Nudging Your Employees Toward Increased Engagement with CSR
By Ankita Kochhar, MBA'19 of Georgetown McDonough School of Business
With the rapid advancement of technology, work has become deeply integrated with the “rest of our lives.” We check emails on our phones, have access to our remote desktops, and so on. With the lack of a clear divide between work and home, there is a growing desire and need for companies that reflect our values and purpose.
Too often Diversity and Inclusion (D&I) and Corporate Social Responsibility (CSR) teams exist in silos, and volunteering is considered outside the scope of work. It is considered a “good to do” but not essential part of work. Yet, we know why it is important to get involved – it creates a sense of purpose at work and helps you feel like a more integral part of the community.
Literature demonstrates this: “…Most CSR studies demonstrate the positive relationship between CSR and organizational identification. Researchers propose that employees' perception about CSR and its subsequent outcomes are sensitive to their calling orientation (e.g., Glavas and Godwin, 2013), that is, the extent to which employees see their work as a ‘calling’ rather than merely a ‘job.’”
Yet when it comes down to it, despite our best intentions, we tend to focus on the bottom line, and our own deliverables. This is what behavioral psychologists refer to as the “intention-action” gap. Most people will get involved when it’s community service day and everyone else from the office is going so they are automatically opted into going. This by the way, is considered a nudge, the Behavioral Economic concept coined by Richard Thaler and Cass Sunstein. People tend to “group think” or colloquially speaking, “follow the herd”. For instance, we ask restaurants what the most popular dish is and go with it. It offers a safe bet. Thaler points out that when people are asked to opt out versus opt in for decision making, institutions see dramatic increases in participation rates - few people will actually choose to opt out. Comparing Germany and Austria, two very similar countries for organ donation, Germany uses an opt in system, with 12% of the population enrolled as organ donors, whereas Austria uses the opt out system, with a 99% of the population signed up as organ donors.
Here are five easy ways you can nudge your employees to be more engaged with CSR efforts:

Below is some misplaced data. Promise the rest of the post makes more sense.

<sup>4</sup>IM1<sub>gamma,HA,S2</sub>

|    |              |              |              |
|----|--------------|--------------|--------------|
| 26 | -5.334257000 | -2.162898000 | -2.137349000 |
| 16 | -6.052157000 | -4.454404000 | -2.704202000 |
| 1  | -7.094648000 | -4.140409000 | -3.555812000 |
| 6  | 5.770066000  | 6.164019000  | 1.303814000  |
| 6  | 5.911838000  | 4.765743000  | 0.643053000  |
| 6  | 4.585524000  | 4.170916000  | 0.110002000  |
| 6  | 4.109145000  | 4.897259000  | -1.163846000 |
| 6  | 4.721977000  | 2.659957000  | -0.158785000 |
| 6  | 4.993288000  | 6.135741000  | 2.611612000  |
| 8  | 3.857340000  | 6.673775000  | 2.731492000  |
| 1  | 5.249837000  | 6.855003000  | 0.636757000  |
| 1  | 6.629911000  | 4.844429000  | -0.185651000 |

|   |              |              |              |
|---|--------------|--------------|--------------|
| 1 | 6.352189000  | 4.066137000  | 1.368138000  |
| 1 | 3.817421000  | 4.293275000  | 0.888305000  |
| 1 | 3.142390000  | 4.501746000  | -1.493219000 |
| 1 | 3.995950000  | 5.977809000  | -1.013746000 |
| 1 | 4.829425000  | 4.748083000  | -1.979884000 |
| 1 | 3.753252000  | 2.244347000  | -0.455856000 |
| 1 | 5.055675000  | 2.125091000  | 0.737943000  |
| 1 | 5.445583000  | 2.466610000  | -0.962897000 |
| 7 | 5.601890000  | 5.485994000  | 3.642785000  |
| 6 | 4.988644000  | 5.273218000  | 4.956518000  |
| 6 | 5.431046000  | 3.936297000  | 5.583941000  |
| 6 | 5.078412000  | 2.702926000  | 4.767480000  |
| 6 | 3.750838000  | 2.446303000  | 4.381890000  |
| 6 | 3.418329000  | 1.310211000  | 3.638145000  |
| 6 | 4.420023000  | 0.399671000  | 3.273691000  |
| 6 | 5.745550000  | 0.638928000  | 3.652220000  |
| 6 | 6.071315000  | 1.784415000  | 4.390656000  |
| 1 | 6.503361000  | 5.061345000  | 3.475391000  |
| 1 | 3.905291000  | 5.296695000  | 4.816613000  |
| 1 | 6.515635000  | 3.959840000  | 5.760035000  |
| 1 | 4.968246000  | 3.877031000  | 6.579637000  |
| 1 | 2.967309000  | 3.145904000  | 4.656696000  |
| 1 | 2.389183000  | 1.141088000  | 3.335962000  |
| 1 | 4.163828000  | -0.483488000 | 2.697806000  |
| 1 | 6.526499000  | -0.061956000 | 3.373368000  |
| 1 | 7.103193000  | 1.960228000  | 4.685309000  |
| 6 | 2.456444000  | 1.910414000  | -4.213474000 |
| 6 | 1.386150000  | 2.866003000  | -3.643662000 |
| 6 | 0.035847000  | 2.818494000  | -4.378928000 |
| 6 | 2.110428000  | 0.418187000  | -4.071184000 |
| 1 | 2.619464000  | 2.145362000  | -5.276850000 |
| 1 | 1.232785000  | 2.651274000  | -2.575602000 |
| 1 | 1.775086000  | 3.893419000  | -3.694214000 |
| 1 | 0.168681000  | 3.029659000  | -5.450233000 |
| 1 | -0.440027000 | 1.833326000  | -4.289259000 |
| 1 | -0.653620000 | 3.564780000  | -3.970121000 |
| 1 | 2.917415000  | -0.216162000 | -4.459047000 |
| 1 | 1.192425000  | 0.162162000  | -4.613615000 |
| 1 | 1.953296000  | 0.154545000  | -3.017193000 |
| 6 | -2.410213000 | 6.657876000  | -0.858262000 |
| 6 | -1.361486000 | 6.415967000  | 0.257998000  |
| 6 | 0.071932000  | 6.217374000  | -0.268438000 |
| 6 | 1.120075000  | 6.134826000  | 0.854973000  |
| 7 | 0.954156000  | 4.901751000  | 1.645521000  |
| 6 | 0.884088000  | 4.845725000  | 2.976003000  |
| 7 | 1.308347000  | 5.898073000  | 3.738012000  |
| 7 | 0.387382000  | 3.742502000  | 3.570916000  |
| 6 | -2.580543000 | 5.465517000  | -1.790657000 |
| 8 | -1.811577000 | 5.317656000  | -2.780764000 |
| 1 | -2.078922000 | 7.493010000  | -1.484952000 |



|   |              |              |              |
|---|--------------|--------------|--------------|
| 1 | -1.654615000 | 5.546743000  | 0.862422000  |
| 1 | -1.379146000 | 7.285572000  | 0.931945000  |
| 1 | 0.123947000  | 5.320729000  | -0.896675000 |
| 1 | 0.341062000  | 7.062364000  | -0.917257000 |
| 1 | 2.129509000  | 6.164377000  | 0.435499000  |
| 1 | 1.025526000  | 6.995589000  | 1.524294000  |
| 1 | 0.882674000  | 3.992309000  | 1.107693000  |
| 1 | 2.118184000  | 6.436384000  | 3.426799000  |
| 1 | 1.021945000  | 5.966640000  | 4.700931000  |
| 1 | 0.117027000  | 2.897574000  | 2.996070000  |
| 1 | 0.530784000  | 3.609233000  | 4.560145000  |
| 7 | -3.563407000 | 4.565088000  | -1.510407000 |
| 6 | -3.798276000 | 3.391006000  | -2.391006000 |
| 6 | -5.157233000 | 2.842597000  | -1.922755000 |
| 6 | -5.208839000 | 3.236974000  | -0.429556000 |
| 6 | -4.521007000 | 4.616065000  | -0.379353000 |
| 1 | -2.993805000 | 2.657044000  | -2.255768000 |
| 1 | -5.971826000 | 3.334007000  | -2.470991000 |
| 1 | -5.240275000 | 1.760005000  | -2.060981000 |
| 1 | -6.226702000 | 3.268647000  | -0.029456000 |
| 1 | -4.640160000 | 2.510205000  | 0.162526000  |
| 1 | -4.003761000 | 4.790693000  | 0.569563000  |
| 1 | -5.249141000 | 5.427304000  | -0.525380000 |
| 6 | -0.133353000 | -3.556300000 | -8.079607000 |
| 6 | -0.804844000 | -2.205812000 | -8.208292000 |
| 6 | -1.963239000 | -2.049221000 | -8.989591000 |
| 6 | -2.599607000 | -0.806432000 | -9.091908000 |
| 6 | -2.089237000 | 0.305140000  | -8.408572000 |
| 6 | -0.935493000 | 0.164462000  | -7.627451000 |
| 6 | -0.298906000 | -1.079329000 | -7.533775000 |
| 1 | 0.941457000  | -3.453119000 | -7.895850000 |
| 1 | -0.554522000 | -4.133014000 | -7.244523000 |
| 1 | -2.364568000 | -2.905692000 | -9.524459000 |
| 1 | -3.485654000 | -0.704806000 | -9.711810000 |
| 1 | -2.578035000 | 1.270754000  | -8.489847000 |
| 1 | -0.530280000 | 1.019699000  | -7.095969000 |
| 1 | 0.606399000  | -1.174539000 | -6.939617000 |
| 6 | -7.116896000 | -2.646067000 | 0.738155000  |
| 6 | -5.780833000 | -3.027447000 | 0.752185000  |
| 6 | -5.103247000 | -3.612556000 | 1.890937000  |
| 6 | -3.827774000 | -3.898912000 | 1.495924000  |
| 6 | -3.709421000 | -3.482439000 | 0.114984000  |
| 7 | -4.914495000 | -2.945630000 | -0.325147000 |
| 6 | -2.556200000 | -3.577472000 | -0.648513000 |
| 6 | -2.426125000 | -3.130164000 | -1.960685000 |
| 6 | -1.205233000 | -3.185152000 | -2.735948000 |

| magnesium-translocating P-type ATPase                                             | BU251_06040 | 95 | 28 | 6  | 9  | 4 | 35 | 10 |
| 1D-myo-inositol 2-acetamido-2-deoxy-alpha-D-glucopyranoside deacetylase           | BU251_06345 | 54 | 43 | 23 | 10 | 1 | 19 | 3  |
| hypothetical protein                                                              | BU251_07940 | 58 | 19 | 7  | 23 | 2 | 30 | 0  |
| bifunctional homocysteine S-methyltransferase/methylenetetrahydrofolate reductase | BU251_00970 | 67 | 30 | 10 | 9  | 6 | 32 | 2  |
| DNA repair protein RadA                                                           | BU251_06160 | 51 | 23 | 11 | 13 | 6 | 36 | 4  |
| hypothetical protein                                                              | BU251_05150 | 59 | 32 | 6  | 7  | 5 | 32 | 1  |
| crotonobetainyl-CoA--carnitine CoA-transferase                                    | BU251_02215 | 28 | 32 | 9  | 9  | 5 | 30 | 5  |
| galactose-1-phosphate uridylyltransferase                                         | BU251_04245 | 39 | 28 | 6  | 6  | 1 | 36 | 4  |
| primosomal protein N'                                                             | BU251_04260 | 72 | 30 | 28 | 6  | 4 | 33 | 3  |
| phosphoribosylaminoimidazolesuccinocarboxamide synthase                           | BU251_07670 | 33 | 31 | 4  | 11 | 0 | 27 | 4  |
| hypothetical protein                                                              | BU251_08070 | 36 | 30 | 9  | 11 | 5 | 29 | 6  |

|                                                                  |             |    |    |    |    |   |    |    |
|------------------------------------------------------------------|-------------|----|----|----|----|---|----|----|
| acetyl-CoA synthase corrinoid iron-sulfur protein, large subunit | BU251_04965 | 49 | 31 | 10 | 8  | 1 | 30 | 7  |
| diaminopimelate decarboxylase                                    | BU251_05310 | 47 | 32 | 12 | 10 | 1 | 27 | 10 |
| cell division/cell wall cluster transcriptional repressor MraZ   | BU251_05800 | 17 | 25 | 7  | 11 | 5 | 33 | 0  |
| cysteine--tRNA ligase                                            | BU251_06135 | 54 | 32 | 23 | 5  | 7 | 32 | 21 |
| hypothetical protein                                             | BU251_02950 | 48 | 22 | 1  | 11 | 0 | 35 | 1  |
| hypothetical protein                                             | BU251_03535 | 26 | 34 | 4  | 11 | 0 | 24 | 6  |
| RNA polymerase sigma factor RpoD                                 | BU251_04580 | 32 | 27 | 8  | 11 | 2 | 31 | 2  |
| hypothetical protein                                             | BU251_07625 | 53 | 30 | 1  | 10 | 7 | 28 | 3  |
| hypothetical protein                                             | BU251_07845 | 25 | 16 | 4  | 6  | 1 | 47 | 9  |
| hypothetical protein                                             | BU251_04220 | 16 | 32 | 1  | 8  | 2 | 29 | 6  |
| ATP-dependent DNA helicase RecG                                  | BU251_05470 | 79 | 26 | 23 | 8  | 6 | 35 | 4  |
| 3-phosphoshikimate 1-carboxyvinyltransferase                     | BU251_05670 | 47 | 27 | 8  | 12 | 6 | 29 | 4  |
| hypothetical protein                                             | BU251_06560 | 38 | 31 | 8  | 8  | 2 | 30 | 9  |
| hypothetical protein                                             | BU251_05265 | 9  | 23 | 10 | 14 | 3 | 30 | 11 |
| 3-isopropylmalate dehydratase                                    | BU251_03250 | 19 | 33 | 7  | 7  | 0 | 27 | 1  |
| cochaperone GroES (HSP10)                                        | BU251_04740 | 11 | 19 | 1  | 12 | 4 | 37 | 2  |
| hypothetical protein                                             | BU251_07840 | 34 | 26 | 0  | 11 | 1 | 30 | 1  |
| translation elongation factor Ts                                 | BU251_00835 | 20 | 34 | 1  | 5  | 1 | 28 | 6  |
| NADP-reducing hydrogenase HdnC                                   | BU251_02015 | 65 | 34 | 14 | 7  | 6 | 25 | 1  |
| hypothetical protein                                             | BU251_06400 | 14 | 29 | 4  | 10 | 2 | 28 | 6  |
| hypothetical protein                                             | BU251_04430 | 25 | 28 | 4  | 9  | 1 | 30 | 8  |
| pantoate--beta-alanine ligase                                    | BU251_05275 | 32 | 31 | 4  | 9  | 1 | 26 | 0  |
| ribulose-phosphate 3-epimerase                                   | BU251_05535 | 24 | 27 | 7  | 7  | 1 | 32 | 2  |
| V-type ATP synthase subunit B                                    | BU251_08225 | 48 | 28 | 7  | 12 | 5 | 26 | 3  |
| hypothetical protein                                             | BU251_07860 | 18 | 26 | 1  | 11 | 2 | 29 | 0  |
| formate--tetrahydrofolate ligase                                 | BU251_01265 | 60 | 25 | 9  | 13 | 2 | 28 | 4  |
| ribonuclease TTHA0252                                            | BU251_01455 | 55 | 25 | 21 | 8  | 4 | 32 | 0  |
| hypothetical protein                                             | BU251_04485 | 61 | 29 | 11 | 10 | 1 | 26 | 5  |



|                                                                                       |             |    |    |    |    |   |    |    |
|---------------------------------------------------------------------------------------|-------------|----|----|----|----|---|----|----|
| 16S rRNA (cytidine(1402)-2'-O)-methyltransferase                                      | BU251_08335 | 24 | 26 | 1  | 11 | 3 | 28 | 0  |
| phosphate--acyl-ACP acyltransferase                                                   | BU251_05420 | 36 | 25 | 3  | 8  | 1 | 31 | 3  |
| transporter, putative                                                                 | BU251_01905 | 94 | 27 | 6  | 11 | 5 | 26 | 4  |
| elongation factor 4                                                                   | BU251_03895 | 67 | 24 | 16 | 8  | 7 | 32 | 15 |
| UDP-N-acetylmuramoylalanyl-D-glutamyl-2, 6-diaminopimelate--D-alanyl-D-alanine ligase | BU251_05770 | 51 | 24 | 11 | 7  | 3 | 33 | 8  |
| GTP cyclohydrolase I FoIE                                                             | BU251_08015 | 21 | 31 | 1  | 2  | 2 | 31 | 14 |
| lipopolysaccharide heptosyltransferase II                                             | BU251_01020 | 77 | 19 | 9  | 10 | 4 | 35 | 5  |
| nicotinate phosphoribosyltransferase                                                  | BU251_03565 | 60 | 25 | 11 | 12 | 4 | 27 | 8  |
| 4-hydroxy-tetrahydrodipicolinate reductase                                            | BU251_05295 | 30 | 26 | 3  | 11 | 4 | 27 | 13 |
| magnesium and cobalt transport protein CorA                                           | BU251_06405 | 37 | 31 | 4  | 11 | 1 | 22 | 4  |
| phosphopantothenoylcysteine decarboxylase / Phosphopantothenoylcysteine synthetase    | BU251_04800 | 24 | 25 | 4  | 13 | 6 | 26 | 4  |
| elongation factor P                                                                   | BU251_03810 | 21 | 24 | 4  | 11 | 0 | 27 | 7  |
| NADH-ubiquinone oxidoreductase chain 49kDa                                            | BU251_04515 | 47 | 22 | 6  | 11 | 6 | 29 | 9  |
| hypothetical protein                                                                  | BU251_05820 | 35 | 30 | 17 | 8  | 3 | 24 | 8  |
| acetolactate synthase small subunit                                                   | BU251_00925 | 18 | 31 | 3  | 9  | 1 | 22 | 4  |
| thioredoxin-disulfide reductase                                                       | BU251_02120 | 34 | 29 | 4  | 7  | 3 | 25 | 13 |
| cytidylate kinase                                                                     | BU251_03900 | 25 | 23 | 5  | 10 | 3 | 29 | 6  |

Make it easy
This is the pinnacle of nudge theory. Allow people to log their hours with ease. Perhaps either automatically sign everyone up for a certain number of volunteer hours a year, or make it a “mandatory choice”, getting people to make their own decision about when they sign up, but they have to click “No, I choose to not volunteer” to indicate that choice.
Make those who volunteer feel proud of their accomplishments by having a “leadership board”.Perhaps include their volunteer accomplishments in their annual review.
Use the “group think” to your advantage
Use statistics like “85% of employees across all levels at our organization volunteer for at least 5 days a year, as compared with the national average of 15% at comparable organizations”. This is unbelievably powerful and allows people to feel a sense of belonging and responsibility.
Target the non-profits you work with. Find ones that match the company and employee values. People are more moved when they feel a connection to a cause, and when that cause is laid out for them in simple terms. Additionally, seeing the effects of the work they are doing is a very effective nudge: include pictures and hard statistics of the people that will benefit from the volunteer activity.
Sell the skill building
It is critical to demonstrate that the projects that are linked to CSR activity allow for personal and professional development – employees build their network outside of their teams, they get a break from their day to day, and they get to develop skills that can help them advance in their jobs. Someone can move to a totally different team based on the skills they learned on a volunteer project.
The reality is all of us like to feel like we’re doing good in our communities and affecting the world in a positive way. Both external and internal stakeholders identify better with an organization and feel a sense of pride once they truly understand what the organization’s CSR activities are. As work and the rest of our lives continue to get intertwined, let’s create opportunities to have the maximum impact and allow our personal and professional values and purposes to truly align.